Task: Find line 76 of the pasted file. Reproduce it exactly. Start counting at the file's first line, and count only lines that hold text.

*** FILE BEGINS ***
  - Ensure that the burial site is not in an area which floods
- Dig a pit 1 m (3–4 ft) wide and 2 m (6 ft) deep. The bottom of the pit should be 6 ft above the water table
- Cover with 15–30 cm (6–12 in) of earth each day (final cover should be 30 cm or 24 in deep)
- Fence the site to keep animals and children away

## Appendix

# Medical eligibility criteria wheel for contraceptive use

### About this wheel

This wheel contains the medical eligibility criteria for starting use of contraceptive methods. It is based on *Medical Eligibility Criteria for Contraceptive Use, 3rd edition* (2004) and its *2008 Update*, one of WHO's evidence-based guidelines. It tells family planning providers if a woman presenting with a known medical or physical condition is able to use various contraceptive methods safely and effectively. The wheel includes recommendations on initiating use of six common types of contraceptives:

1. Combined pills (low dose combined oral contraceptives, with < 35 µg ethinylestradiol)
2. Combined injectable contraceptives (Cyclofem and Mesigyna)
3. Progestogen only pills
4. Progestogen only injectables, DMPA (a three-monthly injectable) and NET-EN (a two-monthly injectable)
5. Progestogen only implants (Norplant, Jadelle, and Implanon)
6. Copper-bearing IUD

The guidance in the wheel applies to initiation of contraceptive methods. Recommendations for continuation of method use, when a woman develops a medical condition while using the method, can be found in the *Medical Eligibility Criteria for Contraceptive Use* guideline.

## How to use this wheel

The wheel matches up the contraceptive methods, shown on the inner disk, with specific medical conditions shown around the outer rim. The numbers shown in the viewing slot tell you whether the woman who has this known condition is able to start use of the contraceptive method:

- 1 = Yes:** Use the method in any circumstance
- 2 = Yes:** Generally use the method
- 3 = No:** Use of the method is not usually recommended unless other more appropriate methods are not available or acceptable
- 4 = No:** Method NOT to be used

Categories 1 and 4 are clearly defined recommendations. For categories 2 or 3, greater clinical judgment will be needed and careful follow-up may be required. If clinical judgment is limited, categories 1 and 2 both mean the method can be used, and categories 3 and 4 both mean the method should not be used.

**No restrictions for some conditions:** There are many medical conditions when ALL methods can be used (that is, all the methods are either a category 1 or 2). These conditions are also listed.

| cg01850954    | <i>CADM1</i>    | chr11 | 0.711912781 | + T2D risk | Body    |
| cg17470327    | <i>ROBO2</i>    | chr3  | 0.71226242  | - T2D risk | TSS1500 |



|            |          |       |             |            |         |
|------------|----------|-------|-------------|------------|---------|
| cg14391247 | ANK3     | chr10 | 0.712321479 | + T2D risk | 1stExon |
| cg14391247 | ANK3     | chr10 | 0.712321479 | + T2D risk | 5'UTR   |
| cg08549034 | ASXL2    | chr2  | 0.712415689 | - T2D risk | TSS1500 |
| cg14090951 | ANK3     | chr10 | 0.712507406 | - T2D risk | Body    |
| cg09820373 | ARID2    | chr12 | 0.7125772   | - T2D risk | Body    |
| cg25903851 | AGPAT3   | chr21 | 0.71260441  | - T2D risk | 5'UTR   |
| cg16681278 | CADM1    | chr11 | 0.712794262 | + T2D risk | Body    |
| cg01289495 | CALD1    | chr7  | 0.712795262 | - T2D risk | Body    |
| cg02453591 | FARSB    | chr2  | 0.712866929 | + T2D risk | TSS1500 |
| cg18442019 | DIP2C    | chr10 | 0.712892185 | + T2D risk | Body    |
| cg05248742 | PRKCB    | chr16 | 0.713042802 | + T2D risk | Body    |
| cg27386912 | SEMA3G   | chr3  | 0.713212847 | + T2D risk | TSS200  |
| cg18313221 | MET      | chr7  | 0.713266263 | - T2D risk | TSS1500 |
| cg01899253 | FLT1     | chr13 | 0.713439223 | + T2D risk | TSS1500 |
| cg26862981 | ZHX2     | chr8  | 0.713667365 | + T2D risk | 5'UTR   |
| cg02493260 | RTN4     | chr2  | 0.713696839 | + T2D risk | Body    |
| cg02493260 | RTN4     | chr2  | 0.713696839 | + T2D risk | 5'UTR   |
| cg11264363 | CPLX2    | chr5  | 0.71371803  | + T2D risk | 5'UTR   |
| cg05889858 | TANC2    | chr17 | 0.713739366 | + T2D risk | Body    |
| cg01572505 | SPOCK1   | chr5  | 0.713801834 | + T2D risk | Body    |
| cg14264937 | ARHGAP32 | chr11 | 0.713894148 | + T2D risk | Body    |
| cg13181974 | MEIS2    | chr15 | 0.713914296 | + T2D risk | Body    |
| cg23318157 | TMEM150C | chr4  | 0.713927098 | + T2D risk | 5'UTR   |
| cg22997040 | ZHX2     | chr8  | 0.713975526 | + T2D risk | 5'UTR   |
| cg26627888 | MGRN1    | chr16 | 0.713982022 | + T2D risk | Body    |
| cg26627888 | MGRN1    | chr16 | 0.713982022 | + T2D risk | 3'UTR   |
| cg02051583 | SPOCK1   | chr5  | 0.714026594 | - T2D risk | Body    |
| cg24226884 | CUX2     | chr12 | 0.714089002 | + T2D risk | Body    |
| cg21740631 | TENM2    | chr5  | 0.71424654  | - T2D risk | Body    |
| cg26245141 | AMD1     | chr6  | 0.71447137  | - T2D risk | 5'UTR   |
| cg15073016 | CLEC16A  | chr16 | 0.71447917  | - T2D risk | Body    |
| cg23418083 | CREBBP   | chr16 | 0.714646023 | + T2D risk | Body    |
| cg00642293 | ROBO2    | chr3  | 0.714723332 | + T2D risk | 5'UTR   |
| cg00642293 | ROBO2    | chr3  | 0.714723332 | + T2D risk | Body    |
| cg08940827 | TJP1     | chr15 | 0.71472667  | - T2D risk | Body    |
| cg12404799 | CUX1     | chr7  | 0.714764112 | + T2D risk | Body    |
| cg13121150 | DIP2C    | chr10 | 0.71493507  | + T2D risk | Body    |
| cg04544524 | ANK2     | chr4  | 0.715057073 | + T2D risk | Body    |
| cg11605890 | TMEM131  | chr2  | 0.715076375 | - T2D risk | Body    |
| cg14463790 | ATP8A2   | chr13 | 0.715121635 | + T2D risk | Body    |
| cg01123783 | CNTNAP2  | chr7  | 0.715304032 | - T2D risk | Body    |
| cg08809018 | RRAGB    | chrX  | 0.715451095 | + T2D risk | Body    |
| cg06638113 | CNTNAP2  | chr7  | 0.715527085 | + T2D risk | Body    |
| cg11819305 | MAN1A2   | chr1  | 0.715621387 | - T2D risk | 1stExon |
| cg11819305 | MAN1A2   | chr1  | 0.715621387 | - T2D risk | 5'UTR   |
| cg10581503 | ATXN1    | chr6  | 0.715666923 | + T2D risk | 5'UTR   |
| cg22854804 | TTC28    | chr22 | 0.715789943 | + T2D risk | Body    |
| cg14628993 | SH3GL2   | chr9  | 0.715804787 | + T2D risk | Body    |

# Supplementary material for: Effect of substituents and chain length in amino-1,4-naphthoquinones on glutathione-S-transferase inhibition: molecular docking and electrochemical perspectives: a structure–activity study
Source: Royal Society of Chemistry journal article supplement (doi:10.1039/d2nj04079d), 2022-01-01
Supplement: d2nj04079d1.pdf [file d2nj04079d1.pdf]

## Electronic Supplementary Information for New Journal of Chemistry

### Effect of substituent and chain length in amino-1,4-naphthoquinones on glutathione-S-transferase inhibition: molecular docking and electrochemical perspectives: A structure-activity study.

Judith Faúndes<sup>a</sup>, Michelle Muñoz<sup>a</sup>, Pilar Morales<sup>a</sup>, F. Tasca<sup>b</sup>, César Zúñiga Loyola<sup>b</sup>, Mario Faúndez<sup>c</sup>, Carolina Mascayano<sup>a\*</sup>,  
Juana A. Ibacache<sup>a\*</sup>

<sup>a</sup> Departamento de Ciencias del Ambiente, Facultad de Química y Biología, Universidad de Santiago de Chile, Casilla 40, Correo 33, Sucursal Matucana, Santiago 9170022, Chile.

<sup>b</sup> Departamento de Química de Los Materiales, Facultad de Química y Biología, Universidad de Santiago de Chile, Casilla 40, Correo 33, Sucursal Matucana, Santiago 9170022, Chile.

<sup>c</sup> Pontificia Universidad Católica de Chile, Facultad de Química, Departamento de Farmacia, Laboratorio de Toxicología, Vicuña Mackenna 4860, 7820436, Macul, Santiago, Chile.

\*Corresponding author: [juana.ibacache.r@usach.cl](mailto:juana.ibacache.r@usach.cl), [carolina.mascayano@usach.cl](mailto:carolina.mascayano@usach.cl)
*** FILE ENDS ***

# Supplementary material for: Effect of substituents and chain length in amino-1,4-naphthoquinones on glutathione-S-transferase inhibition: molecular docking and electrochemical perspectives: a structure–activity study